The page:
SURVEYING THE DOMAIN…AND THE RANGE


“You have been selected at random….”  I do not enjoy hearing these six words.  A survey.  Two more often used here that push my buttons are “team” and “professional.”

Customer satisfaction has taught at B-schools for a long time, although businesses have done a lot to hurt it, such as the average experience one has calling a business, or just in time inventory, which isn’t (“that will be here in 3 business days.”)  Surveys are now frequent.  I don’t like the questions or the choices; while I buy the product, I don’t buy the inferences they might make from a survey.

Recently, I got three.  Two were from Comcast, following as many calls during an e-mail outage.  If I agree to complete a survey, I get through faster to a human being.  Try it some time. I contacted Comcast twice, later receiving two surveys, answering the second.  By not responding to the first I hurt the assumption of randomness, required for a decent survey.

Comcast told me the survey would take 2 minutes.  There were questions about my satisfaction, having my the question answered, professionalism (undefined, desperately in need of definition today), offering the Website as a source of information (incredibly dumb, if there is an Internet outage), and others.  I hung up at 2 minutes.  They said two minutes, and I gave them two. The other was from Peace Health, which I almost tossed, but decided to fill it out.  There were about 35 questions, too many, so a 3 or a 4 on a Likert Scale didn’t matter a whit to me.  I don’t like averaging Likert scales, either.  Two “5”s and two “1” s average to an “average,” but it suggests there are huge differences in customer satisfaction.

Twenty years ago, medical director of a hospital, I learned we spent $100,000 annually on quarterly surveys, arriving on glossy paper, with nice colors, like a dressed up pig:  pretty, but still a pig.  Only I read them.  I know that, because I went to the Executive Meetings at the hospital and asked a good question:  “How many have read this?”  And a second:  “Has anything changed as a result?”  Answers: No, and nothing, respectively.  The survey asked patients whether their food was hot.  If a patient had 10 meals and 7 were hot, what should they answer?  The survey asked whether the physician or nurse was professional, whatever that means, especially if the patient had several of each.  The return rate was about 5%, and even before I got my stats Master’s, I knew the figure was meaningless.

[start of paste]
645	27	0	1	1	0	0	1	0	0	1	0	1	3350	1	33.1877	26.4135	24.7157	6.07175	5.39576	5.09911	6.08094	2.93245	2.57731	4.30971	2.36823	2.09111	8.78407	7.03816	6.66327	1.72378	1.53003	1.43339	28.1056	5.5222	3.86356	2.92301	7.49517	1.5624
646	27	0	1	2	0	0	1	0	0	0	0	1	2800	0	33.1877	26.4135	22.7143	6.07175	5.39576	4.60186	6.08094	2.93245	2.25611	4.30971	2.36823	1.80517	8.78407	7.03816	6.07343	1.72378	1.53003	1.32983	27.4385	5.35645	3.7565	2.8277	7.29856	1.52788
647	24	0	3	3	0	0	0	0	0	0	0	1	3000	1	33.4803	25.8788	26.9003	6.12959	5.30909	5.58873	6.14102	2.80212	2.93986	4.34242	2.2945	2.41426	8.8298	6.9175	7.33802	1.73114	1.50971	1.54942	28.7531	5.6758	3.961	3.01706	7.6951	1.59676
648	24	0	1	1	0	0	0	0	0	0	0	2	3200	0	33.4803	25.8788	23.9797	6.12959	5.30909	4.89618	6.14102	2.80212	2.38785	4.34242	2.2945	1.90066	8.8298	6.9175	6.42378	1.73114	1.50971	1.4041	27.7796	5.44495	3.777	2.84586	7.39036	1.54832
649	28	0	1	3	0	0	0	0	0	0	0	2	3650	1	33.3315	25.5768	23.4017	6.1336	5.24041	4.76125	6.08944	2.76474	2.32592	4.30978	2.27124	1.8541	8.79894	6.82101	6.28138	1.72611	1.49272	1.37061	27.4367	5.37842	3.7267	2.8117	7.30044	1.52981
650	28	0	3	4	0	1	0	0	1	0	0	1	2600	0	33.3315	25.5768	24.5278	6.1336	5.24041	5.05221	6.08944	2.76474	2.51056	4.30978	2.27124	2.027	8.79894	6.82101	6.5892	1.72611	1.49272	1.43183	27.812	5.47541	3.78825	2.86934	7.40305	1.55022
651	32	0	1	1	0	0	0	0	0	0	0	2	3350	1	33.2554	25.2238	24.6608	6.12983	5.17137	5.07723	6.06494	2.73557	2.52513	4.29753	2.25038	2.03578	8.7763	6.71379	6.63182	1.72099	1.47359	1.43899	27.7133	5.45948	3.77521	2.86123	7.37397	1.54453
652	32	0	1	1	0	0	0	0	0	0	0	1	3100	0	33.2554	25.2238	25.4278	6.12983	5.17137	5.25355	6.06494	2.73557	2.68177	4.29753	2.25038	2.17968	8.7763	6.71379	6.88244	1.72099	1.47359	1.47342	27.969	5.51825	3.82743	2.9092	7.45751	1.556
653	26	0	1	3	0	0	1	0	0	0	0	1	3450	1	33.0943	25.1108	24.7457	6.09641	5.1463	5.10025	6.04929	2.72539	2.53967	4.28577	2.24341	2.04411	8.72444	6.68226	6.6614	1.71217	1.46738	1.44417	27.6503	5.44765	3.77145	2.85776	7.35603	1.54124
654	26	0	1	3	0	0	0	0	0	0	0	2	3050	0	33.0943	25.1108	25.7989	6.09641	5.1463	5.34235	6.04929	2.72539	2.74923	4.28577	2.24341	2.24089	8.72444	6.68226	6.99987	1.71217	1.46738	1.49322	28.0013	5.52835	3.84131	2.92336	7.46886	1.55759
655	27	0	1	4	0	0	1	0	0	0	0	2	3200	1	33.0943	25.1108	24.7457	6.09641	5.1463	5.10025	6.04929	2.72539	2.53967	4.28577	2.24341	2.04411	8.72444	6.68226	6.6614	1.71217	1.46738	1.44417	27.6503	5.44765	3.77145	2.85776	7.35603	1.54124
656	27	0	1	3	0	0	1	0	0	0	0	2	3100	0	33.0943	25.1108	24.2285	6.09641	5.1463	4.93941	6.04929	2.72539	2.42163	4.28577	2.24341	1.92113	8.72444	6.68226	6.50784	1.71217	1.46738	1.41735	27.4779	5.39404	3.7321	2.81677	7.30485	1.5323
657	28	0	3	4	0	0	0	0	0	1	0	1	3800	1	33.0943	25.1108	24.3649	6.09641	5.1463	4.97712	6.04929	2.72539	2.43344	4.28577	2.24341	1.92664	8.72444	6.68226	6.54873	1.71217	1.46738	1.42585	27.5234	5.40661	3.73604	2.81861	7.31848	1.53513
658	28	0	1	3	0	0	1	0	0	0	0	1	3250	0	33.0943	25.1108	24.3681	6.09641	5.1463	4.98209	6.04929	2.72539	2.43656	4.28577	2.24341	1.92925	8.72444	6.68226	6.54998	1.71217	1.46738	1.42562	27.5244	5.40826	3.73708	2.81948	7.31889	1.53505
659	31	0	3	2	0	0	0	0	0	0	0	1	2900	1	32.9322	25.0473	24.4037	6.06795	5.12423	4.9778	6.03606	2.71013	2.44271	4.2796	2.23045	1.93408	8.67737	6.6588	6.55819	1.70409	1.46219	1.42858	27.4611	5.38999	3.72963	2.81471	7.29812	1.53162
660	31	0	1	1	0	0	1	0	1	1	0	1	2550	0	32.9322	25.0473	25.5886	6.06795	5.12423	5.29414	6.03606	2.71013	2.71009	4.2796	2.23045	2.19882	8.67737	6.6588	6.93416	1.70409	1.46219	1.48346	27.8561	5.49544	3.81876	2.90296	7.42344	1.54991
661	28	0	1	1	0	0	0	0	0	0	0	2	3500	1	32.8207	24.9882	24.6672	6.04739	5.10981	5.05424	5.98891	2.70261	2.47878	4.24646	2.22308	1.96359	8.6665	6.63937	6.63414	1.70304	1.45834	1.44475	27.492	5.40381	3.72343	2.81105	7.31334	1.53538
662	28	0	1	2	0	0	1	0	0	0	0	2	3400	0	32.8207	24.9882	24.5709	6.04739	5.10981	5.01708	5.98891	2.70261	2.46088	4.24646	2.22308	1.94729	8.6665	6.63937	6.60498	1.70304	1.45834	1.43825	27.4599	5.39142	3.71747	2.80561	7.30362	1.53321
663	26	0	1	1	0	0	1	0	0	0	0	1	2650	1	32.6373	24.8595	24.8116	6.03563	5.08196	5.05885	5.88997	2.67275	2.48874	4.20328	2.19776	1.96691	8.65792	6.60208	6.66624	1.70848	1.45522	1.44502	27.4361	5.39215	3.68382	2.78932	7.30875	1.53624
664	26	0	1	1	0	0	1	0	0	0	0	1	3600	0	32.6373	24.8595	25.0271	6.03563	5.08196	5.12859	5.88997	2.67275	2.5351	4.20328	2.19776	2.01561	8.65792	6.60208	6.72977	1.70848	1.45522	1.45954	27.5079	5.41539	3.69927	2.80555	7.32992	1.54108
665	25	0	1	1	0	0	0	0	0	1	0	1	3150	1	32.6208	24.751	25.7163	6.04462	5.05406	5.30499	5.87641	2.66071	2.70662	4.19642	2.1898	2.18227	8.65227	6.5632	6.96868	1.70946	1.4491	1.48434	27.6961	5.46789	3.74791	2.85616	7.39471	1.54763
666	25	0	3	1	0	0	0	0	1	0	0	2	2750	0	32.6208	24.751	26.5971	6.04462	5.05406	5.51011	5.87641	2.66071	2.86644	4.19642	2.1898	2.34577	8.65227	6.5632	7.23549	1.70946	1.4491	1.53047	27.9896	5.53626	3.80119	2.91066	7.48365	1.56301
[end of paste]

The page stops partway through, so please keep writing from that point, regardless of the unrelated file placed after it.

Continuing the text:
I proposed a different approach:  we hire one person, far less than $100K including benefits, ditch the company, and call 100 discharged patients every month, picked at random, with all replying, or the non-reply would be considered the worst possible.  This is worthwhile and it conservatively estimates how well one is doing.  We asked three questions:

  1. Did you like the care?  Yes/No.
  2. Would you recommend us to a friend?  Yes/No
  3. What suggestions do you have?

We didn’t learn about hot food, but care results could now be inferred to all patients, and we received good suggestions, too. People will toss most 6 page surveys; three questions from a human might be answered.

I tried this at a hospital in Las Cruces, told that time made a difference when you surveyed, whether the day of discharge or 6 weeks later.  I countered: if people didn’t respond to a random sample, or responded to a call 6 weeks later, the results were worthless.  I lost.